The New York Times Magazine published its annual U.S. Open issue this past weekend, and it's as excellent as ever (this is the same tradition that brought us both David Foster Wallace on Roger Federer and, a personal favorite, John Jeremiah Sullivan on the Williams sisters). This year we've got a long piece on Li Na, the Chinese player who is women's tennis's resident oddball now that Marion Bartoli retired (ish).
As Brook Larmer points out in his piece, the women's game is at a sort of strange crossroads now: there's no obvious hierarchy. Serena, when she's healthy, could probably win every tournament she enters, but there's nothing close to the four kings (Federer, Rafael Nadal, Novak Djokovic, and Andy Murray) of the men's game. Li hasn't known consistent success yet, and she's one of the oldest players in the Top 30. She grew up playing in China's system before opting out at age 22 to be with her boyfriend and study journalism, but she returned to the game in 2004 after successfully negotiating a better deal with Chinese authorities. (She'd previously been required to hand over 65 percent of her winnings to the government; she now pays about 8-12 percent in a given year.) Her relationship to the sport has been strained, even by tennis wunderkind standards:
Born in 1982, Li Na was, like many Chinese athletes, pushed into sports against her will. Her father — a former badminton player whose career had been cut short by the chaos of the Cultural Revolution — was the “sunshine of my childhood,” she said. Even so, he gave his daughter no choice when he enrolled her at age 5 in a local state-run sports school. Though she was a strong athlete, her shoulders were deemed too broad and her wrists not supple enough to excel at badminton. A coach persuaded her parents that she would have a better chance in a sport that few Chinese at that time had ever seen. “They all agreed that I should play tennis,” she said, “but nobody bothered to ask me.”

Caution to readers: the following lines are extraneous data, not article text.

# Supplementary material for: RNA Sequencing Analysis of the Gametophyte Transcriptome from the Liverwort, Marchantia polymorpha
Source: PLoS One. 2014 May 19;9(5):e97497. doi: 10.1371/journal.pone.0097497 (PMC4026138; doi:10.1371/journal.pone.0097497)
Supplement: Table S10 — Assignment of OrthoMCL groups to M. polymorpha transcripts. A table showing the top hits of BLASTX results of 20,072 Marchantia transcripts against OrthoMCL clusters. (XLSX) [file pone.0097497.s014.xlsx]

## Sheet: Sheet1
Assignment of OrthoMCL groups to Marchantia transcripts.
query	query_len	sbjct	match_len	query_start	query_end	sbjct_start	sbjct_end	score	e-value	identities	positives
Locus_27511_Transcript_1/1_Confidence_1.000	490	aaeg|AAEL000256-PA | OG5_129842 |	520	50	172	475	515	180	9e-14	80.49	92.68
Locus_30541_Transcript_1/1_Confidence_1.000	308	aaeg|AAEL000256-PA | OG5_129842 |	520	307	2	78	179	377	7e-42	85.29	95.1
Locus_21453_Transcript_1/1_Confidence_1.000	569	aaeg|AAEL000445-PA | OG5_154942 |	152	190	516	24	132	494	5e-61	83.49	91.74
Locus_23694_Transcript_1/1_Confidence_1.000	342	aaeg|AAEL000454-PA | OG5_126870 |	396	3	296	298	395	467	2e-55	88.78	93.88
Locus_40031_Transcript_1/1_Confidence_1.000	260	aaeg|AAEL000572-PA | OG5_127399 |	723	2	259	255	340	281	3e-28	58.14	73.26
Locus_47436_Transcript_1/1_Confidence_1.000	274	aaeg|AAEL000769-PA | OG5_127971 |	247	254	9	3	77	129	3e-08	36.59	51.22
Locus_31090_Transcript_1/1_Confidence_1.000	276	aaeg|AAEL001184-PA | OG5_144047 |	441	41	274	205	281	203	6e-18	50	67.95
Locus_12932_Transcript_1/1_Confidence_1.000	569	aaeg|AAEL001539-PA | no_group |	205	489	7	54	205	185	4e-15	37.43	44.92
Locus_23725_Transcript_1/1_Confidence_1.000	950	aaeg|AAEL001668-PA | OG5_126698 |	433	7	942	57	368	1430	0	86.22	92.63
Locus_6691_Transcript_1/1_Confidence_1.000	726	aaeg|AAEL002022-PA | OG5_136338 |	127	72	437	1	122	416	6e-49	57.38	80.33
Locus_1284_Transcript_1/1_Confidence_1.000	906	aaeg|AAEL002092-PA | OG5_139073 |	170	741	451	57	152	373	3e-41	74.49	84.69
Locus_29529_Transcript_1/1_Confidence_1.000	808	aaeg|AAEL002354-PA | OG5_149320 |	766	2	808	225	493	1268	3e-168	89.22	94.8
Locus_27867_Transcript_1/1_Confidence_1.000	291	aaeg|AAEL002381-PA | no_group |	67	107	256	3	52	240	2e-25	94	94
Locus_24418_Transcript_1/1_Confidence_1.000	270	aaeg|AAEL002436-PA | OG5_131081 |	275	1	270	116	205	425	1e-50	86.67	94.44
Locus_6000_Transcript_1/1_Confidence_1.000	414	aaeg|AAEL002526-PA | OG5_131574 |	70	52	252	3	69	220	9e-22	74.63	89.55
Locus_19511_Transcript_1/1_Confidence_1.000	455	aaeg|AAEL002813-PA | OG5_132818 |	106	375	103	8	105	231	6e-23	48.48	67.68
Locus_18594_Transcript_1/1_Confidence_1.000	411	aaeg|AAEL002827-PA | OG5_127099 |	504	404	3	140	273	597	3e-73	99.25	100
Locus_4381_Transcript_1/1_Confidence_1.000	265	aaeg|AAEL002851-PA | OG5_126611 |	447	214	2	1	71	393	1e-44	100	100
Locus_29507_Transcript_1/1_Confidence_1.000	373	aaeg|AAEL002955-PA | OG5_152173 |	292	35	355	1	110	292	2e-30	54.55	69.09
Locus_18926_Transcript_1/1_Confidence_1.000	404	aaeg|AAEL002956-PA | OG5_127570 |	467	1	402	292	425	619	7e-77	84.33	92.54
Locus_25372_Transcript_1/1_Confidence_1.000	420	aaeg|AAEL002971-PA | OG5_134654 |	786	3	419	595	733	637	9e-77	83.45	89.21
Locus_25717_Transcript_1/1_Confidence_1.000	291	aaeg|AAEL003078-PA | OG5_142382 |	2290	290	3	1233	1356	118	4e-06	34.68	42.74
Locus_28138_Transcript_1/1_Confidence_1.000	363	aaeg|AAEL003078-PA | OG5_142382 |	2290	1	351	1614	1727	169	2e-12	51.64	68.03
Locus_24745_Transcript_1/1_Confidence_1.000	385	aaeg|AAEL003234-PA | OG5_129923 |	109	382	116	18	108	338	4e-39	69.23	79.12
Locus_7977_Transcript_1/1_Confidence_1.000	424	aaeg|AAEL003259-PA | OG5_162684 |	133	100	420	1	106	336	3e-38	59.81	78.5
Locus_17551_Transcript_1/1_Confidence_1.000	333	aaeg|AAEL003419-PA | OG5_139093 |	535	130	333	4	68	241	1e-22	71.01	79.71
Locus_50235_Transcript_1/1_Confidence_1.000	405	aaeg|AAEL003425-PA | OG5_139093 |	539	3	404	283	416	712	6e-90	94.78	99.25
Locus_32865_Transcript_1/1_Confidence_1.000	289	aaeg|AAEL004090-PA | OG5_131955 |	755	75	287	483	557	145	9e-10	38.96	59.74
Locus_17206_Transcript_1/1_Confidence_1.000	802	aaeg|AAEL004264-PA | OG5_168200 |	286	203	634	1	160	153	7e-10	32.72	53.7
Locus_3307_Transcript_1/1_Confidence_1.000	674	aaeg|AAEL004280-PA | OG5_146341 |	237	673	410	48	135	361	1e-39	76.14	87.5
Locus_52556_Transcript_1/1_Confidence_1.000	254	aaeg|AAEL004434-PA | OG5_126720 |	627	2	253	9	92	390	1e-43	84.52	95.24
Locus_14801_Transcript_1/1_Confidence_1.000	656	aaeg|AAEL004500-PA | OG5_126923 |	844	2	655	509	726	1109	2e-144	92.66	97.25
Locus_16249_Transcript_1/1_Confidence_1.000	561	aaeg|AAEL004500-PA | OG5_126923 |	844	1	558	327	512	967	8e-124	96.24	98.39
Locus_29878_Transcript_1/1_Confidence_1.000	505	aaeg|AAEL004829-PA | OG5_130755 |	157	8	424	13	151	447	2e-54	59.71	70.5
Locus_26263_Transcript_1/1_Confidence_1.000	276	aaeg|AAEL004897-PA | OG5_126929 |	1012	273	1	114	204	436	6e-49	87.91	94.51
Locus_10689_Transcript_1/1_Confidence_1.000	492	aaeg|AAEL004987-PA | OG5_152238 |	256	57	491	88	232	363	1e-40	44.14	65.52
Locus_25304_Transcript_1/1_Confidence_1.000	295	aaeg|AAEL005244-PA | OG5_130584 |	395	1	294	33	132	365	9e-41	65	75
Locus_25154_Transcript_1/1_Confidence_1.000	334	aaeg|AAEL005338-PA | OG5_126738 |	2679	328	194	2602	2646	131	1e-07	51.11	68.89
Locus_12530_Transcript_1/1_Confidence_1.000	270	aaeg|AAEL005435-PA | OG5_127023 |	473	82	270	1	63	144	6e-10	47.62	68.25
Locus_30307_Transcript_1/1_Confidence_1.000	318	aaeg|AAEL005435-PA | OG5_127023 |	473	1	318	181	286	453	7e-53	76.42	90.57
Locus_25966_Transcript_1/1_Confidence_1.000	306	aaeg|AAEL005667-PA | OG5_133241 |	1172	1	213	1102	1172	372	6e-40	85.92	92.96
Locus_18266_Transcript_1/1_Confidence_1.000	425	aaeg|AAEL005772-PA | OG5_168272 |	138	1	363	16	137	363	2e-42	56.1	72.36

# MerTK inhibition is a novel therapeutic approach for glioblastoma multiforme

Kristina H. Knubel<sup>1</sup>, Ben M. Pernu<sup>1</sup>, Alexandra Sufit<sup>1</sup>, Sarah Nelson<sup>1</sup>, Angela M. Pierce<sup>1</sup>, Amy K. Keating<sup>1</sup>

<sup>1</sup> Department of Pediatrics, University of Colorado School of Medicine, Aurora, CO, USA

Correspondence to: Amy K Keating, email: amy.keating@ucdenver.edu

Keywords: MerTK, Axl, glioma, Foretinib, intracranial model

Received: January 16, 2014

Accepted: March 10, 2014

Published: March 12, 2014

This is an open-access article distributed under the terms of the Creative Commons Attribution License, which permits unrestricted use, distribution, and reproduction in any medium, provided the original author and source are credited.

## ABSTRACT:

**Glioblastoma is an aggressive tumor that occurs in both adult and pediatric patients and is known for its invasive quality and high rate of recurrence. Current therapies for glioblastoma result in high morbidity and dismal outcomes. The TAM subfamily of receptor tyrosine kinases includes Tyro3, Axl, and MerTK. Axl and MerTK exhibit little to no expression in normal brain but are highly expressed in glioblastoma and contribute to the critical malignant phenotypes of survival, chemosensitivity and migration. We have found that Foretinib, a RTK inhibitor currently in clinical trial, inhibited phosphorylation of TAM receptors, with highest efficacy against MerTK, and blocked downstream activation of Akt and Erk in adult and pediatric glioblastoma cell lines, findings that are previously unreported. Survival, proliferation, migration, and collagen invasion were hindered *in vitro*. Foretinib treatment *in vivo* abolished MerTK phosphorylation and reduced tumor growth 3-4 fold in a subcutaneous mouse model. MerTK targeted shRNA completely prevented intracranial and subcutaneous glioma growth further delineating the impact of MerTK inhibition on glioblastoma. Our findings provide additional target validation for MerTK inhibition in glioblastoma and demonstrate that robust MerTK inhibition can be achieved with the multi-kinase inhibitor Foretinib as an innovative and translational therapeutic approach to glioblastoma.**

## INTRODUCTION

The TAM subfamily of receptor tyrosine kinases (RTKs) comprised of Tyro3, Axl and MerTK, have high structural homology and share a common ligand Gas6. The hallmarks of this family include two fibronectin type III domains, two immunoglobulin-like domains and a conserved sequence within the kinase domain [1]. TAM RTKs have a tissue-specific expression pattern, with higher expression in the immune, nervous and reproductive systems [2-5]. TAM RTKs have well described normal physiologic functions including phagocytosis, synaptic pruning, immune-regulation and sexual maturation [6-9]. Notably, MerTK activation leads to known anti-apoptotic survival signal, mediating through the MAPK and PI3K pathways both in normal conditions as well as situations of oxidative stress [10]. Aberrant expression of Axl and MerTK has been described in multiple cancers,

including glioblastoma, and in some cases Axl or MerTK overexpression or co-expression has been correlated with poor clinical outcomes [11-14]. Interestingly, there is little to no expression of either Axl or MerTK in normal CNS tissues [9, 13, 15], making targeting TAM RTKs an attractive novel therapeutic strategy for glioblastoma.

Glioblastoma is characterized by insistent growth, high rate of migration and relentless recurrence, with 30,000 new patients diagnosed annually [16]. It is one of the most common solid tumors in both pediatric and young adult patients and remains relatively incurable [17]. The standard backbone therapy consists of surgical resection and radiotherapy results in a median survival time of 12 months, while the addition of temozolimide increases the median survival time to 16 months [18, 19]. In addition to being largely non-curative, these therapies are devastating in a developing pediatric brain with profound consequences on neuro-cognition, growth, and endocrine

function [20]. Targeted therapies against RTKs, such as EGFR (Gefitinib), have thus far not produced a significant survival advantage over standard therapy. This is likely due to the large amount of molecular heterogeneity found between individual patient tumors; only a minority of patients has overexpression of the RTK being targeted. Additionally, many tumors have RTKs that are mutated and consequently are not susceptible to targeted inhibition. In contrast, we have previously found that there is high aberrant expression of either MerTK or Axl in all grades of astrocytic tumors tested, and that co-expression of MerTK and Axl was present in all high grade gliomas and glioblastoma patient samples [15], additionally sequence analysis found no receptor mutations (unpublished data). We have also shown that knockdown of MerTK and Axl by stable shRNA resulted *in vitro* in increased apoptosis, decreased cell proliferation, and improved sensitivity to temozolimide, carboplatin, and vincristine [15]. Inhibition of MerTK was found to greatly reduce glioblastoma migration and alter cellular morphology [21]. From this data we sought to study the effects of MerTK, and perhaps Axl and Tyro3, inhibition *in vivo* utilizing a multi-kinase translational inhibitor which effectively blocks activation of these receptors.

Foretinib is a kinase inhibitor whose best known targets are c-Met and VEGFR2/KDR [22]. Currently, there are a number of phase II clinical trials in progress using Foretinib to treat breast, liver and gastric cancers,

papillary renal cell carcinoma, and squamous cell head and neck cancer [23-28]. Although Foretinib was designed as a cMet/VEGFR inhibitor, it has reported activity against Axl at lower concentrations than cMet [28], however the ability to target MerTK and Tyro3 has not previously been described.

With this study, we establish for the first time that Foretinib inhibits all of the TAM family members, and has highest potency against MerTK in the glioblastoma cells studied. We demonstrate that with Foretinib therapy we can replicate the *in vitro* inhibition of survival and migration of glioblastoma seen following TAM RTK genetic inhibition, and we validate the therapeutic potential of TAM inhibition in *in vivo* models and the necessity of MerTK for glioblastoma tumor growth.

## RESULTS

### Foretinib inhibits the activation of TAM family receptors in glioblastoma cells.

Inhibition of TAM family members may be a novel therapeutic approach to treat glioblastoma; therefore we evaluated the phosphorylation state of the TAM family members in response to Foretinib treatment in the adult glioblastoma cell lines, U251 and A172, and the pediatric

From the beginning, Li chafed at the harsh strictures of the state-run sports machine. China’s juguo tizhi — or “whole-nation sports system” — churns out champions by pushing young athletes to their limits every day for years on end. The first time Li defied her coach came at age 11, when, on the verge of collapse, she refused to continue training. Her punishment was to stand motionless in one spot during practices until she repented. Only after three days of standing did Li apologize.
Now, finally at peace with the sport she was forced into at age five, she's trying to stay healthy enough to win a few more grand slams. Aren't we all?
Read the thing in full, if you have time, along with the interview with Jimmy Connors, the former pro and coach who grew up on a "women's game," coached by his mother and grandmother. If you still have time for tennis (and WHO DOESN'T?), you can go read about how Bobby Riggs may have thrown his second Battle of the Sexes, the 1973 stunt match against Billie Jean King, to pay off a mafia debt.
Tennis, ye contain multitudes.